But is it time we rethought the whole concept of offsetting? As a thought, it’s predicated on a belief that you can cancel out the negative impact of one action by creating a positive impact elsewhere. On the idea that it all nets out at zero. That it creates neutrality. On the surface, this might seem like a good idea – after all, if we can balance out the negative impacts of our actions, then we can continue to do those things without causing harm, right?
Well no not quite. Here’s a very simple analogy. Take an empty room. Inject acidic gas into it from one side, and alkaline gas from the other in equal measure. You end up with a room at ph7 – completely neutral. Water. But now ask yourself, would you want to be in the room while that’s happening?
The problem with offsetting is that it doesn’t address the root cause of the problem. It’s like putting a band-aid on a wound without actually treating the underlying infection. In the case of carbon emissions, for example, investing in renewable energy projects might help to reduce emissions, but it doesn’t actually address the fact that the company is still emitting a lot of carbon in the first place. Similarly, buying carbon credits might help to offset the emissions from farming practices, but it doesn’t actually address the fact that those practices are harmful to the environment in the first place.
The idea of offsetting is also flawed because it assumes that all negative impacts can be quantified and balanced out. However, the reality is that many of the negative impacts of our actions are complex and difficult to quantify. For example, how do you offset the negative impact of deforestation on the loss of biodiversity or the displacement of indigenous communities? How do you offset the negative impact of overfishing on the health of ocean ecosystems?
Let’s leave carbon behind and talk about the workplace. If we take an offsetting mindset into how we manage our workplaces, we might be tempted to ignore substandard working environments, accept toxic cultures and set our people up to fail thinking that we can “offset” these by giving people overblown job titles and overinflated salaries. It all balances out right? There’s negative employee impact, compensated for by positive employee impact. That’s not how you build a sustainable workplace, and offsetting is not how we’ll build a sustainable world.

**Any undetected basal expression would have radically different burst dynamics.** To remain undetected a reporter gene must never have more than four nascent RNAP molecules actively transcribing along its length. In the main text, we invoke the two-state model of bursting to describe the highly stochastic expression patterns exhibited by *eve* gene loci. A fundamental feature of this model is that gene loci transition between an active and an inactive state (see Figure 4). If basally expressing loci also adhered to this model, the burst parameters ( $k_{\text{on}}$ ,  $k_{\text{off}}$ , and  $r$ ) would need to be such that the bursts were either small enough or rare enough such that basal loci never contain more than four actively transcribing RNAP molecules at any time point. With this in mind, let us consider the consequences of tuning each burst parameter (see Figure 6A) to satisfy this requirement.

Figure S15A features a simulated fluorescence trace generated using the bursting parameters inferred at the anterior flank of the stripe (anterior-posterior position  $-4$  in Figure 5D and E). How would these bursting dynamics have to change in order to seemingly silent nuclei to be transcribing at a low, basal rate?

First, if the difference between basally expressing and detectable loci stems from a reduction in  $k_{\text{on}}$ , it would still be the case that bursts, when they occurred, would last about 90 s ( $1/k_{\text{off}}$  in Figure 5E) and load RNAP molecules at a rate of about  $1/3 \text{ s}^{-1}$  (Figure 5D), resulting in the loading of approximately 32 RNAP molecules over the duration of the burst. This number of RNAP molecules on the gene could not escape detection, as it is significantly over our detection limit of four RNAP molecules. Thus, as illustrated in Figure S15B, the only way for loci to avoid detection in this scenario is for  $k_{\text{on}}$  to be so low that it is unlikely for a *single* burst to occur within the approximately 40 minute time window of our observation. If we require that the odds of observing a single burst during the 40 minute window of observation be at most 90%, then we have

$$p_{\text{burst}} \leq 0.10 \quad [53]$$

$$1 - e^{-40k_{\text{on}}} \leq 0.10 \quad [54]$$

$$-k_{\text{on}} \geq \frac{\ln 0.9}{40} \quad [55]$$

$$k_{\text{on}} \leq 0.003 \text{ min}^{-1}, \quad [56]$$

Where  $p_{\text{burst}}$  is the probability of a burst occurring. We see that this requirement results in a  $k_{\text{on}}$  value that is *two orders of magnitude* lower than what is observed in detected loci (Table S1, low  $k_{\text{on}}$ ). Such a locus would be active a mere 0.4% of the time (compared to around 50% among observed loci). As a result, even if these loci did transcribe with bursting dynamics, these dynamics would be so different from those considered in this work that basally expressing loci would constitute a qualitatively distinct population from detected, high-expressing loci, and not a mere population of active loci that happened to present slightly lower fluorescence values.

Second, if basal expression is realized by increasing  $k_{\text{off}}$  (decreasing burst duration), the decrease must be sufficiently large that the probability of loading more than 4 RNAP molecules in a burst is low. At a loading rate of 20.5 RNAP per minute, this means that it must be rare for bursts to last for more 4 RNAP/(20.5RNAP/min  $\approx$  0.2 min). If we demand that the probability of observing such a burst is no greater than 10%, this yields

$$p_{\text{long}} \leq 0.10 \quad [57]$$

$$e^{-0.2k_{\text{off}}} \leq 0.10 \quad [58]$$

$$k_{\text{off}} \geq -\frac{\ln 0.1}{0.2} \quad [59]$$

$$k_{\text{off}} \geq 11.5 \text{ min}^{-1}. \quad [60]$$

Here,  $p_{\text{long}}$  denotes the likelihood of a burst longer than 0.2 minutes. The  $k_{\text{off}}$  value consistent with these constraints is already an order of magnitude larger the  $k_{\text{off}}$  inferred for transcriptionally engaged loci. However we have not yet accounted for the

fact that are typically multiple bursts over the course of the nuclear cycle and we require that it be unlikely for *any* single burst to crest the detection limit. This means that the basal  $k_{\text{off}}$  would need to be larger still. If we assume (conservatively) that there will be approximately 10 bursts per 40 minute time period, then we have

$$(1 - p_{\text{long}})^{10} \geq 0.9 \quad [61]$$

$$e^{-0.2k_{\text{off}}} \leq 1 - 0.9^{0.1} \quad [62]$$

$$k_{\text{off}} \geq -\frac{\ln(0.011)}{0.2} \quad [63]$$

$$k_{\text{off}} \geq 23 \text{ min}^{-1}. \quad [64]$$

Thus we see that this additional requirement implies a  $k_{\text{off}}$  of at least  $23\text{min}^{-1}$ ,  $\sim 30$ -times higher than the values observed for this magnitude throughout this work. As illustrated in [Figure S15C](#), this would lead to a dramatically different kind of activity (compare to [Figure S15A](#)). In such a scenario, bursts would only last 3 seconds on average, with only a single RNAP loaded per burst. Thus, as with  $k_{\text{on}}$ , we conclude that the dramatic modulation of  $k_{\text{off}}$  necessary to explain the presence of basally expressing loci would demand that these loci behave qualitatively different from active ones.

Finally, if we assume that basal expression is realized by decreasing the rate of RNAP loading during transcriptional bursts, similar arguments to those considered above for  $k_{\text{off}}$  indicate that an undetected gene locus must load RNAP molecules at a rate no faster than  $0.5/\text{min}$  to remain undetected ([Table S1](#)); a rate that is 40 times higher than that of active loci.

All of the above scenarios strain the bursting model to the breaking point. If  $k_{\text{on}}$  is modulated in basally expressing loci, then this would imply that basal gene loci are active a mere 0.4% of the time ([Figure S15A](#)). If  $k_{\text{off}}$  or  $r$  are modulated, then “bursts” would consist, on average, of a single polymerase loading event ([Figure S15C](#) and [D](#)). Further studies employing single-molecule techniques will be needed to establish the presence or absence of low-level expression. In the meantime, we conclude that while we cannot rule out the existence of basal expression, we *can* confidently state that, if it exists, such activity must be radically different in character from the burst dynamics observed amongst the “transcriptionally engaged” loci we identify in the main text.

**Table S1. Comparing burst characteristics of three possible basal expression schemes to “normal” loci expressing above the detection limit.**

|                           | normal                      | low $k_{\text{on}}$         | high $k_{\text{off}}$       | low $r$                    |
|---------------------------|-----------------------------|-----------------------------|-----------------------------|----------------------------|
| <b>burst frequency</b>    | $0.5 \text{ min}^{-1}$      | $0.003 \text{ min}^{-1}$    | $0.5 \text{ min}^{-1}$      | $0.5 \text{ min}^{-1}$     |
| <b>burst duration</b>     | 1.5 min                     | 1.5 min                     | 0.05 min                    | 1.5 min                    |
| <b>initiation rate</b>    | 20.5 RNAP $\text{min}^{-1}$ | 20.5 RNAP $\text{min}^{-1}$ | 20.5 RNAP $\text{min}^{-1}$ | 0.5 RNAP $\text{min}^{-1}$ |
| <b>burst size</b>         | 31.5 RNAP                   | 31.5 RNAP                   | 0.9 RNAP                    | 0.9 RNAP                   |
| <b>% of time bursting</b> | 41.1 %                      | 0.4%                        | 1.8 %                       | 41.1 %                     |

The concept of offsetting can lead to an “out of sight, out of mind” mentality. If we think we can simply offset the negative impacts of our actions, we become less likely to actually change those actions. Offsetting is not just ineffective, it’s actually holding us back.
This is where the concept of insetting comes in. Insetting is about addressing the root cause of a problem rather than trying to compensate for it elsewhere. It’s about taking responsibility for the impact of our actions and working to minimize or eliminate that impact at the source. In the context of our sector insetting involves adopting more sustainable agriculture practices that increase precision and application efficiency with inputs such as fertilisers and pesticides, rather than simply buying carbon credits to offset the emissions from those practices. Similarly, in the context of running a business, insetting might involve investing in employee well-being and creating a positive work culture, rather than simply paying high salaries to “offset” a poor employee experience.
Here at Tracta we’re about setting up agri-brands for success in a changing world. The brands that will win in that changing world are those that take responsibility for the impact of their actions and work tirelessly to minimize or eliminate that impact at the source. Those that focus on insetting rather than offsetting. That’s how together we’ll create a stronger, more resilient sector and a more sustainable future for ourselves, our communities and for the planet.